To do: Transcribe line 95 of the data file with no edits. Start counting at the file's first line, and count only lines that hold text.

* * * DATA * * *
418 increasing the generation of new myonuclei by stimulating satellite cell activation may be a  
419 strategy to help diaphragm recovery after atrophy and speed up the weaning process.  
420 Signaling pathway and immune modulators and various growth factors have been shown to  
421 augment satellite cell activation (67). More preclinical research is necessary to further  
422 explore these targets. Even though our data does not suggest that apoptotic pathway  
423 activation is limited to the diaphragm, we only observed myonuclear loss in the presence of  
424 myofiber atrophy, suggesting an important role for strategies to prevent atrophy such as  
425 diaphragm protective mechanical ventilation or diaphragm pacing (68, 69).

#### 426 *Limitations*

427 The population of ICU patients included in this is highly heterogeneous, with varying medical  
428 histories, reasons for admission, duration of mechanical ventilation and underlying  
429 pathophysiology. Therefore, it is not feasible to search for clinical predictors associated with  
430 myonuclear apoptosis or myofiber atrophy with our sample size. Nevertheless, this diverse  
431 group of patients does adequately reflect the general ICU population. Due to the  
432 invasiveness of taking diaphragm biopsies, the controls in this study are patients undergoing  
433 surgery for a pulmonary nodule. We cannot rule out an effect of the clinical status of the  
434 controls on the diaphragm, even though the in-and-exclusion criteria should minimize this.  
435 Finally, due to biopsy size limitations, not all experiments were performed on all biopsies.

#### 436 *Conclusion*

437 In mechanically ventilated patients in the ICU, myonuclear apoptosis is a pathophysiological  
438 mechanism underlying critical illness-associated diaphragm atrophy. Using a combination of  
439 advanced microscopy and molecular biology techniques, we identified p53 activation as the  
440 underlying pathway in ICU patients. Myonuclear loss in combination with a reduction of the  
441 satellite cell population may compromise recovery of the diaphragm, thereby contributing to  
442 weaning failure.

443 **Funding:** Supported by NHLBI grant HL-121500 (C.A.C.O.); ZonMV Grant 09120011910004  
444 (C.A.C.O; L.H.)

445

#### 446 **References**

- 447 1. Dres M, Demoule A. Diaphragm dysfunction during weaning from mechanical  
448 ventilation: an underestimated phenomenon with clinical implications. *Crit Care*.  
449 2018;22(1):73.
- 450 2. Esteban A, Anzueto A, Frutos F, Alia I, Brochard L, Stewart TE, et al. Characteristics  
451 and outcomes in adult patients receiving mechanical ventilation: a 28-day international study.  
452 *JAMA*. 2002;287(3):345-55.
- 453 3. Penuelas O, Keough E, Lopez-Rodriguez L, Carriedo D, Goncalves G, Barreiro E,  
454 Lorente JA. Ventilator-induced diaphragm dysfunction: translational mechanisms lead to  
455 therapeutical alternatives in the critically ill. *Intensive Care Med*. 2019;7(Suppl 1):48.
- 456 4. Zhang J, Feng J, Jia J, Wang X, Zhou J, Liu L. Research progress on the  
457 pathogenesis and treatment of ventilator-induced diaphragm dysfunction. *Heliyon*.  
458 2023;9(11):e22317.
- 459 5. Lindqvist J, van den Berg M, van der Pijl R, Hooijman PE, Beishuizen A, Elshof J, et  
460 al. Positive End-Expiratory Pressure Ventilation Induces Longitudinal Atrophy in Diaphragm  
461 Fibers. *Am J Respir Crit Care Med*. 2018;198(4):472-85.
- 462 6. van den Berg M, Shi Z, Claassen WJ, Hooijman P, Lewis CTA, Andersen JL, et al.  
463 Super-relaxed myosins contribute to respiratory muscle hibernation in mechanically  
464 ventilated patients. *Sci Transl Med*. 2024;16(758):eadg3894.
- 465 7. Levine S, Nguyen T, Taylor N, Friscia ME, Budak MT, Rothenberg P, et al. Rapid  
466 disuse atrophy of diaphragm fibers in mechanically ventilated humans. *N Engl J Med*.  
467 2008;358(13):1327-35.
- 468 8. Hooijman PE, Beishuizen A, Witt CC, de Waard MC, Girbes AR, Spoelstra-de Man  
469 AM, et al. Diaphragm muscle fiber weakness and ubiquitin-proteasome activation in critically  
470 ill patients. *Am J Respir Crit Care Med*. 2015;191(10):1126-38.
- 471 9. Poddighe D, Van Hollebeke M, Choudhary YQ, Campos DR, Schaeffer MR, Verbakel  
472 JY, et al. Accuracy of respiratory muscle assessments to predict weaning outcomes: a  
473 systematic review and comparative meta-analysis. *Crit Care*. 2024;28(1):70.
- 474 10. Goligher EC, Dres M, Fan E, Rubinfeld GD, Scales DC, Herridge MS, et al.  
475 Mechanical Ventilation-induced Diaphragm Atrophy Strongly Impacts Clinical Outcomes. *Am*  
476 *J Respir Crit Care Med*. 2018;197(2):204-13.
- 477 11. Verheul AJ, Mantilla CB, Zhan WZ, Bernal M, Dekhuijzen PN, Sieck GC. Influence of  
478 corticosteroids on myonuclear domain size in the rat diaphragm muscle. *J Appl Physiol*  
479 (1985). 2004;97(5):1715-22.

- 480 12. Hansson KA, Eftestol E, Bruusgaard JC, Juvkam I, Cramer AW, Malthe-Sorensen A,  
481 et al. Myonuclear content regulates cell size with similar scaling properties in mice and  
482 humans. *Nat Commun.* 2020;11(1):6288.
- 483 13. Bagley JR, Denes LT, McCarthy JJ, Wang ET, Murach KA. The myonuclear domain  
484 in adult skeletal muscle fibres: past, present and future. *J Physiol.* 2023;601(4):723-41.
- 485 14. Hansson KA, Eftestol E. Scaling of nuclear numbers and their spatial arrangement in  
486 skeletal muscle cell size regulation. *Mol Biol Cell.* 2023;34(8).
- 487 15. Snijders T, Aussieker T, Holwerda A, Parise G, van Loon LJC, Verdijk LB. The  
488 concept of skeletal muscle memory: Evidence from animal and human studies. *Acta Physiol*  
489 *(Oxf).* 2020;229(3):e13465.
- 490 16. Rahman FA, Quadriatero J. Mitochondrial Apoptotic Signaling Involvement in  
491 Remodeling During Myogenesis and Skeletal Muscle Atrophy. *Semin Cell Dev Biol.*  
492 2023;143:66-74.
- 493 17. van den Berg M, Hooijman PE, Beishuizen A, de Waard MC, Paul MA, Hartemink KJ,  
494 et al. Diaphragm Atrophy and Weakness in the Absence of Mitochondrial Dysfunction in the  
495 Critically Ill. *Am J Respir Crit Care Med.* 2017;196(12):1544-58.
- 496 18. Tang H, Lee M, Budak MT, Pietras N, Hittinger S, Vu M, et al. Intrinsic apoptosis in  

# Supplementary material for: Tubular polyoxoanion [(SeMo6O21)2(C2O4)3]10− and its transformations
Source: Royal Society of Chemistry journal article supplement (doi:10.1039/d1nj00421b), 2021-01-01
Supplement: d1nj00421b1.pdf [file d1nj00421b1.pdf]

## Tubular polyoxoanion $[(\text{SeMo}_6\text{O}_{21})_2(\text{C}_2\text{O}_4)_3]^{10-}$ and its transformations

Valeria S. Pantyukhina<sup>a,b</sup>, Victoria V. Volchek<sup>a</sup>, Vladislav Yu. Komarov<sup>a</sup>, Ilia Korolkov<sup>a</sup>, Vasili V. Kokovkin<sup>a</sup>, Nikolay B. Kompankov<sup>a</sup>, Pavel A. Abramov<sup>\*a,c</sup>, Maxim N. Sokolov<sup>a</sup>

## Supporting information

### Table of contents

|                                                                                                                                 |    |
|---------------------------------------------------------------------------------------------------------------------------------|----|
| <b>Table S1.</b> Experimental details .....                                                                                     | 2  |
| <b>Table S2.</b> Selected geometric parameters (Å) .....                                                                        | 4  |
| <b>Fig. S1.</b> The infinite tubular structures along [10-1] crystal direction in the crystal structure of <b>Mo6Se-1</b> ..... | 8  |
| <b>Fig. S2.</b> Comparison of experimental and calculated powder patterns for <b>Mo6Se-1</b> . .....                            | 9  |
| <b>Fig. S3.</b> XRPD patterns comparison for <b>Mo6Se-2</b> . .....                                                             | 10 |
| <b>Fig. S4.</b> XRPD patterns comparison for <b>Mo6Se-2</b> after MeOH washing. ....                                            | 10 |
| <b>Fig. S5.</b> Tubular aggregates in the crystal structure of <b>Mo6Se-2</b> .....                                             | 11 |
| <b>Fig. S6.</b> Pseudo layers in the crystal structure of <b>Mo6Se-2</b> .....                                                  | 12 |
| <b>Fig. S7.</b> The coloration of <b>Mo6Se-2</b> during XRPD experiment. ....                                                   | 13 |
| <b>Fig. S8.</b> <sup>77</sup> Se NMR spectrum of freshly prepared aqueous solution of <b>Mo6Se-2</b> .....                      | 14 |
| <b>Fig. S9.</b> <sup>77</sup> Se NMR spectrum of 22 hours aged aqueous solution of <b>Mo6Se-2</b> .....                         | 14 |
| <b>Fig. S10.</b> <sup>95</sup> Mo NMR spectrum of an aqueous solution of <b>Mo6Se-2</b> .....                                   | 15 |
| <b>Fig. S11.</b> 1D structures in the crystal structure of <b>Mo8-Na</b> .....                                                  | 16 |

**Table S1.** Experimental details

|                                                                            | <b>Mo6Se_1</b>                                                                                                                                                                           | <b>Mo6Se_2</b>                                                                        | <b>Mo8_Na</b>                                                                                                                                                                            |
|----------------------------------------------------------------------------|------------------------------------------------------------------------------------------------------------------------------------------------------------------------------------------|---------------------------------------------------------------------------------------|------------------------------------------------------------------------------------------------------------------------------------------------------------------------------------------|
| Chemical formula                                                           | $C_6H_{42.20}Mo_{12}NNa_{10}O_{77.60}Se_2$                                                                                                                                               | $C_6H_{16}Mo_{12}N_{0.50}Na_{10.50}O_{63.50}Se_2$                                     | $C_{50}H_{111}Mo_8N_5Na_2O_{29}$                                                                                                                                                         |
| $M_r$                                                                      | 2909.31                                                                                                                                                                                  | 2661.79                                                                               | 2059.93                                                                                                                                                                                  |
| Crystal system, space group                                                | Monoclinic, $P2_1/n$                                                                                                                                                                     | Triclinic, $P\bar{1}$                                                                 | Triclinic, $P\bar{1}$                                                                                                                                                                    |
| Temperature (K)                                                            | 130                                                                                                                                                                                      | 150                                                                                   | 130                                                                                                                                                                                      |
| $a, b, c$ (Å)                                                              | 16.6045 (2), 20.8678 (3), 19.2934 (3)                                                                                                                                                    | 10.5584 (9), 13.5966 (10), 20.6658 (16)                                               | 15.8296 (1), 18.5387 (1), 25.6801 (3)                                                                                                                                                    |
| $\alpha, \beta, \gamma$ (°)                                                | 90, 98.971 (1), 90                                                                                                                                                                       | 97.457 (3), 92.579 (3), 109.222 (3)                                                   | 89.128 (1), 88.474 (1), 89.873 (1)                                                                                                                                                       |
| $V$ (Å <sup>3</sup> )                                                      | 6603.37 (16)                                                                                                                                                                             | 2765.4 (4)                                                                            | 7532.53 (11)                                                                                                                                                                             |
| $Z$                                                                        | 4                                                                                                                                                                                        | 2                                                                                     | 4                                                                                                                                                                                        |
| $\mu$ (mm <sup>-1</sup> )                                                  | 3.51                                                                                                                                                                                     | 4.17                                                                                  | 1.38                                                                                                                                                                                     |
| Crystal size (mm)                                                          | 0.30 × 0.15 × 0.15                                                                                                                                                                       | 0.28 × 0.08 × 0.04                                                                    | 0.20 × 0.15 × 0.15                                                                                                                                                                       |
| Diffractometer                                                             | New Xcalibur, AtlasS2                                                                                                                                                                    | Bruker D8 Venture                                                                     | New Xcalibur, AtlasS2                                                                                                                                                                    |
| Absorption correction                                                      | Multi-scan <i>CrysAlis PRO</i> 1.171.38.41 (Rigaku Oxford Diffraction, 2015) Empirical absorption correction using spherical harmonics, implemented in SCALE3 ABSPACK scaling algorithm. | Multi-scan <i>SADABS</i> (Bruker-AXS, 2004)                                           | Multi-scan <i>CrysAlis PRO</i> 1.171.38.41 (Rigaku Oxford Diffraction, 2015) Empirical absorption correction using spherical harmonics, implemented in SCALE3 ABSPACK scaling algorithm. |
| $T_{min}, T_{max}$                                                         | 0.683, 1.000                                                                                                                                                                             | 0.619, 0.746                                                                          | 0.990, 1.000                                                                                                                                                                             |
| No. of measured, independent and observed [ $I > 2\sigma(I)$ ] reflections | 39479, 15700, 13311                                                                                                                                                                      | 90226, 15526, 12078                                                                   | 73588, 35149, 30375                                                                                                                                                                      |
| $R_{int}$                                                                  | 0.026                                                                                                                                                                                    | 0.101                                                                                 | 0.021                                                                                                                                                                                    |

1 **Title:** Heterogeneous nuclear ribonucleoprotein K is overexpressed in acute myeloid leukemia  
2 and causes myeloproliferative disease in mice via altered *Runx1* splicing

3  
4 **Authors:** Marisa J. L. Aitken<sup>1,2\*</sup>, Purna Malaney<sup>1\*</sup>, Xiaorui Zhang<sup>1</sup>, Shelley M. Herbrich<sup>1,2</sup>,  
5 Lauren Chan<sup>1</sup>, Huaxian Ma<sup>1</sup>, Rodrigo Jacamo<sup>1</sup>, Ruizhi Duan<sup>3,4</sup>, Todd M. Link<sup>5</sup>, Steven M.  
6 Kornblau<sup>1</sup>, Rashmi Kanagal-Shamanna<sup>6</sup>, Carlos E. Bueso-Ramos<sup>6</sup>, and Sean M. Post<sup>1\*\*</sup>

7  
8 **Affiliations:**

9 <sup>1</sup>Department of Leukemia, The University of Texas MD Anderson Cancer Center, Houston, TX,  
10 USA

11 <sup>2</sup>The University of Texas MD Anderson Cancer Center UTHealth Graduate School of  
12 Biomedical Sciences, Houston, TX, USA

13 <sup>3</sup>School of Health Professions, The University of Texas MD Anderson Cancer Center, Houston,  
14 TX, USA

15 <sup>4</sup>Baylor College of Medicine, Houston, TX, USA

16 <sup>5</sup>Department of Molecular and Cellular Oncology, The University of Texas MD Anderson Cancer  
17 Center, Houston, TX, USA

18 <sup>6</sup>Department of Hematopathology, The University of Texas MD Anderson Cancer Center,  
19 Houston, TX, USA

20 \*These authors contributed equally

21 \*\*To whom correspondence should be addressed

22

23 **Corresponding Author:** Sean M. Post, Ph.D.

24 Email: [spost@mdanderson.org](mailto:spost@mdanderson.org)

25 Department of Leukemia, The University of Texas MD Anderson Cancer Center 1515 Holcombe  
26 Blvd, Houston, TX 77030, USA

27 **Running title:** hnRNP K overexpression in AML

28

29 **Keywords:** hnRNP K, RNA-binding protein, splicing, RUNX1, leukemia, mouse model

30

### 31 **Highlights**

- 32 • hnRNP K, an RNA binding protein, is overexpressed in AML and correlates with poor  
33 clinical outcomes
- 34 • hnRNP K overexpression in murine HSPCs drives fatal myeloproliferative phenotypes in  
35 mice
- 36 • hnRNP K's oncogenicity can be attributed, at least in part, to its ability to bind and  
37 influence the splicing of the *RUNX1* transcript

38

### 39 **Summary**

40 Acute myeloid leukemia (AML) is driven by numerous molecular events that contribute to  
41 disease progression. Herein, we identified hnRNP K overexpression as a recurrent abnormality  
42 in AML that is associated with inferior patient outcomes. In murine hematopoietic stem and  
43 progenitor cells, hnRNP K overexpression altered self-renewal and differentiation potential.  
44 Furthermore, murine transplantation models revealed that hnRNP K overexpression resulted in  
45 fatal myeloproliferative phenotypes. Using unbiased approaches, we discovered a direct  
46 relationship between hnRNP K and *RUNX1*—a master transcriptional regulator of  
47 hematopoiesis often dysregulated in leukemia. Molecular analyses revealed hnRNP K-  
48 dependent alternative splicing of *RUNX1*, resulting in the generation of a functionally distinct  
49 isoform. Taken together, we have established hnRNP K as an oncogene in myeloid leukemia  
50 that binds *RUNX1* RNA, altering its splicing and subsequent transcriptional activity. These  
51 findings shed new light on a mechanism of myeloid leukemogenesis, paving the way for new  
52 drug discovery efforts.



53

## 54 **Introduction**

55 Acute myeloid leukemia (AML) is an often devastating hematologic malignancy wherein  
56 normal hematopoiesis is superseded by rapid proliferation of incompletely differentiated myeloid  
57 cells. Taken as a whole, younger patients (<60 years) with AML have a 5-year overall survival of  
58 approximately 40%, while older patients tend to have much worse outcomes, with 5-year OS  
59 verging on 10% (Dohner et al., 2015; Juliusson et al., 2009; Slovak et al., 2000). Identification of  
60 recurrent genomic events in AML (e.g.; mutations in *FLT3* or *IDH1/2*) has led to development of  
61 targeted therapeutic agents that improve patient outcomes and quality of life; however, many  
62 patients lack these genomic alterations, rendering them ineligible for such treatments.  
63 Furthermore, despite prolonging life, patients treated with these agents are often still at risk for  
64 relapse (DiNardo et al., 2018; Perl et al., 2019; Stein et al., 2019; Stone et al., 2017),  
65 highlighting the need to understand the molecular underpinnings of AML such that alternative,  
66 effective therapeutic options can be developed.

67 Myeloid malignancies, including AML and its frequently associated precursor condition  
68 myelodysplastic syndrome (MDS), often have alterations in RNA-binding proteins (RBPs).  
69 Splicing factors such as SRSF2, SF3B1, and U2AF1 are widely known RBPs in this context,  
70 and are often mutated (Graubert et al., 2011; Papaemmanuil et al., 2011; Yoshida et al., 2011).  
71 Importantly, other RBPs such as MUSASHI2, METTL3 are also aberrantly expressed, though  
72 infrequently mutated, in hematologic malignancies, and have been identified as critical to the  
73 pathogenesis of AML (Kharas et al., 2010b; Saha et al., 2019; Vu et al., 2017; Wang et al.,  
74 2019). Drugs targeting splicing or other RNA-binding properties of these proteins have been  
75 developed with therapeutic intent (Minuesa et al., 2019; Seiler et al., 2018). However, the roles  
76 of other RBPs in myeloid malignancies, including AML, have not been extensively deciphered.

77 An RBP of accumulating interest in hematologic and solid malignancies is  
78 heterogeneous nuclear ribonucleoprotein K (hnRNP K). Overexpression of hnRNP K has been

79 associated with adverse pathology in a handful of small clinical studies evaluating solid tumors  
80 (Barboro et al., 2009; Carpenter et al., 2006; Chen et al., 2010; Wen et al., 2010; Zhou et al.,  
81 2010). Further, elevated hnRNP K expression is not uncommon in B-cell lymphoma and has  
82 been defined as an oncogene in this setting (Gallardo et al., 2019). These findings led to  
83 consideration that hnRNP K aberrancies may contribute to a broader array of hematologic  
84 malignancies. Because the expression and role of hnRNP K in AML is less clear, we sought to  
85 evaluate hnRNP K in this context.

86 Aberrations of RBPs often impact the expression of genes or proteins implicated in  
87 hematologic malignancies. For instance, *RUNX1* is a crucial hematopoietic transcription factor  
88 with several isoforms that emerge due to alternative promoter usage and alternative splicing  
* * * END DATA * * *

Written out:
| <b>Fig. S5.</b> Tubular aggregates in the crystal structure of <b>Mo6Se-2</b> .....                                             | 11 |